Wednesday, May 26, 1999 Published at 08:22 GMT 09:22 UK
Call to free up masons
Little evidence of masonic links to Birmingham Six case
Police forces in England and Wales have been accused of being too slow in setting up registers for staff to declare if they are freemasons.
The government says people working in the criminal justice system should state in voluntary registers whether they are masons.
But the Commons Home Affairs Committee has said it is disappointed at the number who've complied.
The chairman of the committee said that legislation may be needed to require members of the criminal justice system to reveal if they are freemasons.
The MP was speaking after the Home Affairs Committee published its reports into the influence of freemasons on public life.
Mr Mullin said voluntary registration of membership was failing due to "foot dragging" within some branches of the legal system.
"The excessive paranoia over freemasons has only exacerbated the situation - as far as justice is concerned it is important that it is done, and that it is seen to be done."
The public's faith in this, he said, could be undermined by the presence of a secret society at the heart of the criminal justice system.
Paul Whitehouse of the Association of Chief Police Officers denied police forces were unwilling to co-operate.
He said there was concern within the force over who would have access to the information once it was disclosed.
In its report, the Commons committee expressed disappointment at the slow progress of moves to make members of the police and judiciary declare whether they are masons.
It said: "Such persons should not be allowed to exempt themselves entirely from the process simply by declining to co-operate."
Among lay magistrates, more than 14% did not answer the question.
The report said on figures given, up to 20% of lay magistrates could be masons and up to 10% of judges and professional magistrates.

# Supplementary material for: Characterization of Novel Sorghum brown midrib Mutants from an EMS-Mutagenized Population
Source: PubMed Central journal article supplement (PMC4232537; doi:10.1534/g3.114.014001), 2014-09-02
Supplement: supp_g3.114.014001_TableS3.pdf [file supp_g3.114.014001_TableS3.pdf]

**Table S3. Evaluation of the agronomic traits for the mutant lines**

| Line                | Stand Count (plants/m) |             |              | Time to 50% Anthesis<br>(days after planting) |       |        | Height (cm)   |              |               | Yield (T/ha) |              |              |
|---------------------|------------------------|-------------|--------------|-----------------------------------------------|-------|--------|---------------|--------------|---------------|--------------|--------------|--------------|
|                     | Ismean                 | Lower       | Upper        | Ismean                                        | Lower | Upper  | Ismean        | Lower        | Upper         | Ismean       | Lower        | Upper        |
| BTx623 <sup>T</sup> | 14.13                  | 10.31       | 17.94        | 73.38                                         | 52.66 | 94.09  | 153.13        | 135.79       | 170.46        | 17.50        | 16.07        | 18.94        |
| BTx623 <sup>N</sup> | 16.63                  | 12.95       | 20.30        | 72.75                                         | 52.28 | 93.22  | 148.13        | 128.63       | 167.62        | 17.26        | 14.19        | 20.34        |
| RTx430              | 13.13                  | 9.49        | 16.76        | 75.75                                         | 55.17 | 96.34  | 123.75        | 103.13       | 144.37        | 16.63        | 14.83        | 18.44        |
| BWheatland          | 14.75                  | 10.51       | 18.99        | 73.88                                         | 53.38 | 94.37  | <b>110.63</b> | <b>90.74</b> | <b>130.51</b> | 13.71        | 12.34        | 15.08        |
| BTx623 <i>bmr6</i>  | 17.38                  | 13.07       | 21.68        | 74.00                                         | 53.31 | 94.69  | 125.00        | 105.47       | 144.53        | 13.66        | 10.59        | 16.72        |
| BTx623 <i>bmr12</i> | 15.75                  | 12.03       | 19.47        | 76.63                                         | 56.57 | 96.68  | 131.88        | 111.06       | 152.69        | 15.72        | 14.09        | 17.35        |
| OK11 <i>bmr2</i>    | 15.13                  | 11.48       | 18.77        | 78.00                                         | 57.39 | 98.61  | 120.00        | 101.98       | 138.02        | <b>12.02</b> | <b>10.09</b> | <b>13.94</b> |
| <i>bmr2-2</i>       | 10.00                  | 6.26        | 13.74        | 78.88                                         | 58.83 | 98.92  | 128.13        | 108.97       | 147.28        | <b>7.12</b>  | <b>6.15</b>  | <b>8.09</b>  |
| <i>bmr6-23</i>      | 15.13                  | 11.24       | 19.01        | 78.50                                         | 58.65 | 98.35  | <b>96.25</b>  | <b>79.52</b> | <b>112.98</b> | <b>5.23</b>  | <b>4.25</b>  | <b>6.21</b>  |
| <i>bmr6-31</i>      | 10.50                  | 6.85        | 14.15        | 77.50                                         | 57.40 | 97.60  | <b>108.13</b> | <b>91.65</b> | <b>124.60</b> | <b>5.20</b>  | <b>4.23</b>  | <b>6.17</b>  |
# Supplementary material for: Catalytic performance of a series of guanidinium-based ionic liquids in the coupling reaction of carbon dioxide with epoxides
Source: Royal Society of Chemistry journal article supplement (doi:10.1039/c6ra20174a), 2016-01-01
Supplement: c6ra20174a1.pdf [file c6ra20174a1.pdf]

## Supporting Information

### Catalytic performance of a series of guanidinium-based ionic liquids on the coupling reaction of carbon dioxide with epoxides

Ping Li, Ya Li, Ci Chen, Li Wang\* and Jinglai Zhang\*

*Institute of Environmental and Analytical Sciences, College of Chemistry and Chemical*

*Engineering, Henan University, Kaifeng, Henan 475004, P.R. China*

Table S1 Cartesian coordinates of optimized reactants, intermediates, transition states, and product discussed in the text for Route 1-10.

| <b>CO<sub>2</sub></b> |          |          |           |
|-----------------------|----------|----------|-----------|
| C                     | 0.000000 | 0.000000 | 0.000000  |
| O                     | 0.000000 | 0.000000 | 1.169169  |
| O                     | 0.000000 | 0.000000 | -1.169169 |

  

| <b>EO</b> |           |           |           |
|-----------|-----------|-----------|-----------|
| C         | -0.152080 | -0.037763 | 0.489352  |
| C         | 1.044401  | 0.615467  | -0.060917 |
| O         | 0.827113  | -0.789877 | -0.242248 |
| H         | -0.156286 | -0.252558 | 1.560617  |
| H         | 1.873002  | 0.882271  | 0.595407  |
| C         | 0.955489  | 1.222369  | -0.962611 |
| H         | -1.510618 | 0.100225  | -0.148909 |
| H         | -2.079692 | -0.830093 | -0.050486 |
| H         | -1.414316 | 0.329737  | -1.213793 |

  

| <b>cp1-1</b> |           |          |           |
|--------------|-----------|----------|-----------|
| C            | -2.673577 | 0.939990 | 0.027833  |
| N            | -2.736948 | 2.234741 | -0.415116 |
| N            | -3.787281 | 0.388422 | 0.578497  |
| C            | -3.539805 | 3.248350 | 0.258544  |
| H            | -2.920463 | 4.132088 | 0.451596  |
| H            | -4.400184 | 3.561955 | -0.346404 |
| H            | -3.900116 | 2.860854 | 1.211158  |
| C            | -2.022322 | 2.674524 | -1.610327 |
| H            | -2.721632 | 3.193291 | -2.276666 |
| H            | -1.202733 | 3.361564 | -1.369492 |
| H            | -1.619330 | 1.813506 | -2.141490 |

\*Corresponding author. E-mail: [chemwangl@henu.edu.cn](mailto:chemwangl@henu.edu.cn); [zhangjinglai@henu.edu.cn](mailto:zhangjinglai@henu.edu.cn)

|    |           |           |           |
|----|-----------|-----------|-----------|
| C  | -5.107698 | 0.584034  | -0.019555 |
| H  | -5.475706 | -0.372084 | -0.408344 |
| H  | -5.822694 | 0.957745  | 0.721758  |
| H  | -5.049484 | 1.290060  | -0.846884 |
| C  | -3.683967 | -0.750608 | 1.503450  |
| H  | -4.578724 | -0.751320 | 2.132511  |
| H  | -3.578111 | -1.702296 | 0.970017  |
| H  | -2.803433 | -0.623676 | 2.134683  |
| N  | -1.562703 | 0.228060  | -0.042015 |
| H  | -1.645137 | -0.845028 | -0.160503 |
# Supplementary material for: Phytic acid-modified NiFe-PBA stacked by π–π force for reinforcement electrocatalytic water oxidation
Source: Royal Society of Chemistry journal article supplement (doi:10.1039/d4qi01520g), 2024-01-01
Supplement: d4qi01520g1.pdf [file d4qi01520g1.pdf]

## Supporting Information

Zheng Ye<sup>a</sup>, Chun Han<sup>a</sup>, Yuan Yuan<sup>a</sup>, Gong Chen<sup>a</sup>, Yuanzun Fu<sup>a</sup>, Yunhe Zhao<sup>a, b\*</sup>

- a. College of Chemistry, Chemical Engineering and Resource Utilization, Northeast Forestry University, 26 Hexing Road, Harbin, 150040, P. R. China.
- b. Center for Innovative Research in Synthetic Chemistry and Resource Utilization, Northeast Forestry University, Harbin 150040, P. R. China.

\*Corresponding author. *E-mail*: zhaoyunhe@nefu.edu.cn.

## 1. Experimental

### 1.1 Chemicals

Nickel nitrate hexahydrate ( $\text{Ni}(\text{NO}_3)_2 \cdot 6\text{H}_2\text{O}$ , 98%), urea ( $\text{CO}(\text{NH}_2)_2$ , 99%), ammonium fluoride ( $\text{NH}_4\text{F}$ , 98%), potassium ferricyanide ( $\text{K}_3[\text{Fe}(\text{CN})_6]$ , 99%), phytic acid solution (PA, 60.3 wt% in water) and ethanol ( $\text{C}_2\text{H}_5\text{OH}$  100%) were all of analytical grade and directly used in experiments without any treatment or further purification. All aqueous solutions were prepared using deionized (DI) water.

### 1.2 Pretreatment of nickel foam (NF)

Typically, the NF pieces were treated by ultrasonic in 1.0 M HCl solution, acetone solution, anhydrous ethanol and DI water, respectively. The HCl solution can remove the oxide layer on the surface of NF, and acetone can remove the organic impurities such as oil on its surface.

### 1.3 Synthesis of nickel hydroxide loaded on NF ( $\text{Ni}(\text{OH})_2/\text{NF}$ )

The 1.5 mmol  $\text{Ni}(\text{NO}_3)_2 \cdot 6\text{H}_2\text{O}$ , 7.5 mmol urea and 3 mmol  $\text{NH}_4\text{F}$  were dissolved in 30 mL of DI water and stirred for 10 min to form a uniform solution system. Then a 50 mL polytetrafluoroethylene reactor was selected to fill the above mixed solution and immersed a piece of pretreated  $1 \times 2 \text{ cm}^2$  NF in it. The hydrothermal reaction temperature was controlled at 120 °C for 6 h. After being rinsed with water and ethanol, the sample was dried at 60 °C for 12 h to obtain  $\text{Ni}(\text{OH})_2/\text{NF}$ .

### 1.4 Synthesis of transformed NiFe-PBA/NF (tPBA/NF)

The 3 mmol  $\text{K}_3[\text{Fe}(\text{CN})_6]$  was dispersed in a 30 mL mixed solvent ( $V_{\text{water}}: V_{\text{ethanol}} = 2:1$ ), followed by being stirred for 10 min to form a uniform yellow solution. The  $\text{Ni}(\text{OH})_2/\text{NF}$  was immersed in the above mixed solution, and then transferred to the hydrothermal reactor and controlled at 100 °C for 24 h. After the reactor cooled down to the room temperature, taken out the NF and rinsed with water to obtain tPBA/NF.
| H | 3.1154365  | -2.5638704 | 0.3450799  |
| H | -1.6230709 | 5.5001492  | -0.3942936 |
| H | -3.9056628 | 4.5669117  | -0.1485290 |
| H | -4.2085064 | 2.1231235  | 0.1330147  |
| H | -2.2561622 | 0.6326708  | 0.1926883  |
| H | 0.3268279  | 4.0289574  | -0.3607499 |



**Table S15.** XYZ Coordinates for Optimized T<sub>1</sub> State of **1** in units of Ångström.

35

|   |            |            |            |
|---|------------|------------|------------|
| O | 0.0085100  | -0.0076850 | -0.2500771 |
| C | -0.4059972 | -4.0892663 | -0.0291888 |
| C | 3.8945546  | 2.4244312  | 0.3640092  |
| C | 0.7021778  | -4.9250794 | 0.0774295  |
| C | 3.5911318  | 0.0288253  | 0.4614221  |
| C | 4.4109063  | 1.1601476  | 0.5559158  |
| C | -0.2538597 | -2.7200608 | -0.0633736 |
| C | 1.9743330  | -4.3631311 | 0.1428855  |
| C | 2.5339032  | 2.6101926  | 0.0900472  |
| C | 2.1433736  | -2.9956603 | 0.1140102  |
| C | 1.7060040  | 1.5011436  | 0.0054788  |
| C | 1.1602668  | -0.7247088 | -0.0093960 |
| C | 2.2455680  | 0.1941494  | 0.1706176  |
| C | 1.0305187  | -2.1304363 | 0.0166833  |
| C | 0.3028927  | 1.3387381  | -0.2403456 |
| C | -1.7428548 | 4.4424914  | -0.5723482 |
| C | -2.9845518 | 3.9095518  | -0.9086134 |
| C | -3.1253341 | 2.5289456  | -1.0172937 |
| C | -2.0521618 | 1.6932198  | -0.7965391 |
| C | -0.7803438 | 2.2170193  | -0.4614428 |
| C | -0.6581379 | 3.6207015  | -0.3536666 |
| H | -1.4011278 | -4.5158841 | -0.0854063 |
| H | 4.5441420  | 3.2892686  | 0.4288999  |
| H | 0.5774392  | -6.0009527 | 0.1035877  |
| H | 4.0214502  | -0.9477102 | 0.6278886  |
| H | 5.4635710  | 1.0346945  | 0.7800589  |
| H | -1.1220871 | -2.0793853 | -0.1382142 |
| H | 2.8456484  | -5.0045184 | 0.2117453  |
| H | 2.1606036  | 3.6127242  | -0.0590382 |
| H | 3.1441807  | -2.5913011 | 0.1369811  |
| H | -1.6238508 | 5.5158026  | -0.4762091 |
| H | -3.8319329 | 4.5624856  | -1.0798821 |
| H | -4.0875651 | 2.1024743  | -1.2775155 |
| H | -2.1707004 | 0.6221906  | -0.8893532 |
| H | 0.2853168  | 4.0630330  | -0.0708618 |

But it said it had found no evidence of masonic links to miscarriages of justice.
In the case of the disbanded West Midlands Serious Crime Squad, the report concluded that freemasonry was not a primary cause of the squad's problems "although we cannot entirely exclude the possibility that it may have been a contributory factor".
The Grand Lodge confirmed that eight masons had belonged to the squad, two of whom had featured in allegations of corruption although they had never been charged or disciplined.
Another eight masons and a very high-ranking former mason were identified as being involved in the Birmingham pub bombings investigation, which led to one of the country's worst miscarriages of justice.
But the report concludes it was unlikely to be a "significant factor" in the miscarriage of justice.
Links were also investigated between freemasonry and the "Stalker affair", in which Deputy Chief Constable of Manchester, John Stalker, was removed from heading an inquiry into whether security forces in Northern Ireland were shooting to kill.
Two out of seven high-ranking police officers involved in the affair were or had been masons.
The report concluded that on the basis on information supplied, it could not conclude freemasonry played a significant part, nor rule it out completely.
The report has been welcomed by the United Grand Lodge of England, which claimed it was a "vindication".
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